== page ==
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Abu Dhabi, UAEThursday 19 July 2018

Dubai and Abu Dhabi among top 20 cities to pursue work, survey says

While Dubai came in 6th position on the ranking, Abu Dhabi took the 14th spot

Dubai and Abu Dhabi were the only two Middle East cities that featured in the ranking by Boston Consulting Group and recruitment agency The Network. Delores Johnson / The National
Dubai and Abu Dhabi were the only two Middle East cities that featured in the ranking by Boston Consulting Group and recruitment agency The Network. Delores Johnson / The National

Dubai and Abu Dhabi are among the top 20 cities people would move to for work, with both seeing marked increases in their attractiveness to the global workforce, according to a ranking by Boston Consulting Group and recruitment agency The Network.

“London continues to be the first-choice city for talent worldwide, New York is the number two city destination, followed by Berlin -showing the preference for well-known cities of the West,” said Mike Booker, managing director of The Network and co-author of the report.

“But cities in other regions are starting to attract notice. Dubai (the most populous city in the UAE) is now a top 10 city work destination, and Abu Dhabi has moved sharply up the rankings too.”

Dubai ranked 6th in the survey conducted as part of BCG’s Decoding Global Talent 2018 report, published last month. The survey findings, however, were only made available on Sunday this week.

While 12 per cent of respondents said they would move to Dubai to work, 22 per cent chose number one-ranked London and 16 per cent opted for New York, which took second place on the ranking. Berlin and Barcelona took third position with 15 per cent each.

Abu Dhabi ranked 14th, moving into the top 30 for the first time. Dubai and Abu Dhabi were the only two Middle East cities that featured in the ranking.

Overall, 57 per cent all workers surveyed said they would move to another country for work, according to the report. While that is a sizable number, it is almost 7 percentage points lower than in 2014, the last time BCG and The Network, an alliance of more than 50 global recruitment websites, posed the question.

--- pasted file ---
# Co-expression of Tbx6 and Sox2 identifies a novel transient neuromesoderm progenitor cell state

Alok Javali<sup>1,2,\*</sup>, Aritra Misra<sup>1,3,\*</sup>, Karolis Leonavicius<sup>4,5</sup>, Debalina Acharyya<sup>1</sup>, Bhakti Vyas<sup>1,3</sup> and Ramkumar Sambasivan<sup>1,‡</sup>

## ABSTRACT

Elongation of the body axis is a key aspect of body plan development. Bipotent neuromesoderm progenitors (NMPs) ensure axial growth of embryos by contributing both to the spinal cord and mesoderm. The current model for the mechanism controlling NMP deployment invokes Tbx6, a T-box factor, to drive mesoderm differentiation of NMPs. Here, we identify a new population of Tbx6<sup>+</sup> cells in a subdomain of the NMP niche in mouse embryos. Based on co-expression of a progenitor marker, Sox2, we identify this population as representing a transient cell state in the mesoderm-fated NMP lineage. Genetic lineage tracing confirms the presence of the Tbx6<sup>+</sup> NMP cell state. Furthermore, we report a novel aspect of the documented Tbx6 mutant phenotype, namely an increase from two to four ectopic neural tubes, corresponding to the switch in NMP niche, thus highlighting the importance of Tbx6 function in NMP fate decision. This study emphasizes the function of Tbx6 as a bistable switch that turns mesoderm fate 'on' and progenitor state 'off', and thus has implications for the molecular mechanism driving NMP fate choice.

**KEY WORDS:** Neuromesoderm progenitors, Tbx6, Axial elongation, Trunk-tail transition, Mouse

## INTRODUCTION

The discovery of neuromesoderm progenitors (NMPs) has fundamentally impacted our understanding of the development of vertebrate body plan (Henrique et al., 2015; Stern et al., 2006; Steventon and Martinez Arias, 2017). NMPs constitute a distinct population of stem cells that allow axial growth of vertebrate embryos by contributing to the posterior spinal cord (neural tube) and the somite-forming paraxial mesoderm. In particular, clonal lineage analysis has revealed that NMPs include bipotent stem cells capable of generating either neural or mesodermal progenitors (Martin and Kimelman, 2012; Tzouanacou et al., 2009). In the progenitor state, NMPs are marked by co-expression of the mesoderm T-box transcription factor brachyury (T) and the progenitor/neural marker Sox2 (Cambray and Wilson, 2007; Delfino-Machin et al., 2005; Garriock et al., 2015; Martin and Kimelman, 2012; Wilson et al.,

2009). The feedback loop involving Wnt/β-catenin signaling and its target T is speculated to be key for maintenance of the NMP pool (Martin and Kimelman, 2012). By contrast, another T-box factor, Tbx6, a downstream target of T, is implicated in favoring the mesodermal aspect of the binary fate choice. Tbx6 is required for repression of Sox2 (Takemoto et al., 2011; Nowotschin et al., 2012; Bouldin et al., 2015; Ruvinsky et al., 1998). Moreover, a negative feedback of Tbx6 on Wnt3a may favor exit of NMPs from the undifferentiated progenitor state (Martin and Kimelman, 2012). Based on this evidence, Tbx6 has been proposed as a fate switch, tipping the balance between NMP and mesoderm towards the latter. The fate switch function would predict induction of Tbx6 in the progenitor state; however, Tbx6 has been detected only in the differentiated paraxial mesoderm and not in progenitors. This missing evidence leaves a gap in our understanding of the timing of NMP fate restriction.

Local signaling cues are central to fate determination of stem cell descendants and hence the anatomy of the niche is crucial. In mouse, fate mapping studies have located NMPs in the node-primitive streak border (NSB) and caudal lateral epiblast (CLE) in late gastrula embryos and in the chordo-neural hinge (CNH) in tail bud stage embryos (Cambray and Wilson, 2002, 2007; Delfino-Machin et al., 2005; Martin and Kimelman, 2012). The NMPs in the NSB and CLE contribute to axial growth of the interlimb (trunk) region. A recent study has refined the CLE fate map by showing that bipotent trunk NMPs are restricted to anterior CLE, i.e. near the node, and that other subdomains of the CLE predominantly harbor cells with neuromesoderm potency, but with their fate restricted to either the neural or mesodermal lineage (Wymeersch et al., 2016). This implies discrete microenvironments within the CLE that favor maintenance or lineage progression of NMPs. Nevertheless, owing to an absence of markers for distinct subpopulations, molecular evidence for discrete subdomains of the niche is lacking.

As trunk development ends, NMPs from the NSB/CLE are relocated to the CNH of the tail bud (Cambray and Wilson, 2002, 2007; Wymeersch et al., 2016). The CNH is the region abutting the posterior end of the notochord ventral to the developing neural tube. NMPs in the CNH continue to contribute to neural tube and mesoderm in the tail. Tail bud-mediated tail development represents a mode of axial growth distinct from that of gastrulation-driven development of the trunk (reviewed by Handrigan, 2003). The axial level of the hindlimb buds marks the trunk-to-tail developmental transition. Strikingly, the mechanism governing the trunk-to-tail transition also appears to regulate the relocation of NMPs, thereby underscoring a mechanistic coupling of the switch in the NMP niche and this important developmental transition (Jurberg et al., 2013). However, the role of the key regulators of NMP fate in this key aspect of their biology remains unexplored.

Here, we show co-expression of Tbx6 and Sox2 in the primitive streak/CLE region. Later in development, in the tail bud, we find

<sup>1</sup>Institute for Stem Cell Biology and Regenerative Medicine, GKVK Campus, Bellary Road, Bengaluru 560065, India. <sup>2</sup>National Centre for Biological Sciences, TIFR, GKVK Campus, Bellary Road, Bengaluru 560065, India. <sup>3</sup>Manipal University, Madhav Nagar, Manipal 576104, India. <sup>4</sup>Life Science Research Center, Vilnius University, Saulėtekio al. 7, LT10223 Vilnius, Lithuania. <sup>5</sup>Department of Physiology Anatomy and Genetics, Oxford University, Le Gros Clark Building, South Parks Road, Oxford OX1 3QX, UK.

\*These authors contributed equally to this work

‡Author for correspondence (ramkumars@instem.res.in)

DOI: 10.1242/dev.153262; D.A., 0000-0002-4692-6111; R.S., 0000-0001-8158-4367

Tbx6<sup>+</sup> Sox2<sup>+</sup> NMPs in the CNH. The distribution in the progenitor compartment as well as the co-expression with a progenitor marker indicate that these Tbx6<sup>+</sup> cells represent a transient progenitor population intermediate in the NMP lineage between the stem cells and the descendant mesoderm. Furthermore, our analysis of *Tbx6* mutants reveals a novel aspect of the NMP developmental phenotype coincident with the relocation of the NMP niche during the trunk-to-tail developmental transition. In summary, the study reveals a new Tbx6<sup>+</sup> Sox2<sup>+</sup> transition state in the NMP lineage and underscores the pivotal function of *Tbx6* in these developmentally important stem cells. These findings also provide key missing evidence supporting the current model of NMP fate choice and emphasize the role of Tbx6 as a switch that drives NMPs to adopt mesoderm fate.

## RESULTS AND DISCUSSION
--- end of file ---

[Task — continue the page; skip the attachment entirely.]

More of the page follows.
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The drop in outbound mobility sentiment is particularly evident in some emerging economies, particularly China, the report said. A third (33 per cent) of Chinese respondents said they are willing to leave their home country for work, a steep decline from 2014, when the proportion was 61 per cent.

Chinese workers are now near the bottom for mobility among the 197 countries surveyed, BCG said, as greater employment opportunities arise for them on their home turf.

At the other end of the spectrum, some developed countries have slipped in the rankings, possibly due to uncertain politics, the report said. For example, the UK has fallen from second among the preferred work destinations to fifth today, as ongoing Brexit negotiations cloud the political and economic environment.

“Making a decision to pursue work in a new country is very personal but there are larger forces too, including uncertainty about future government policy [at home],” said Mr Booker.

The study also found that workers are more attracted by workplace rewards on offer with potential new jobs in other countries, such as those provided by good interpersonal office relationships, than compensation.

The survey was conducted among 366,000 workers and 6,000 recruiters across 197 countries, although BCG did not provide the total number of survey responses.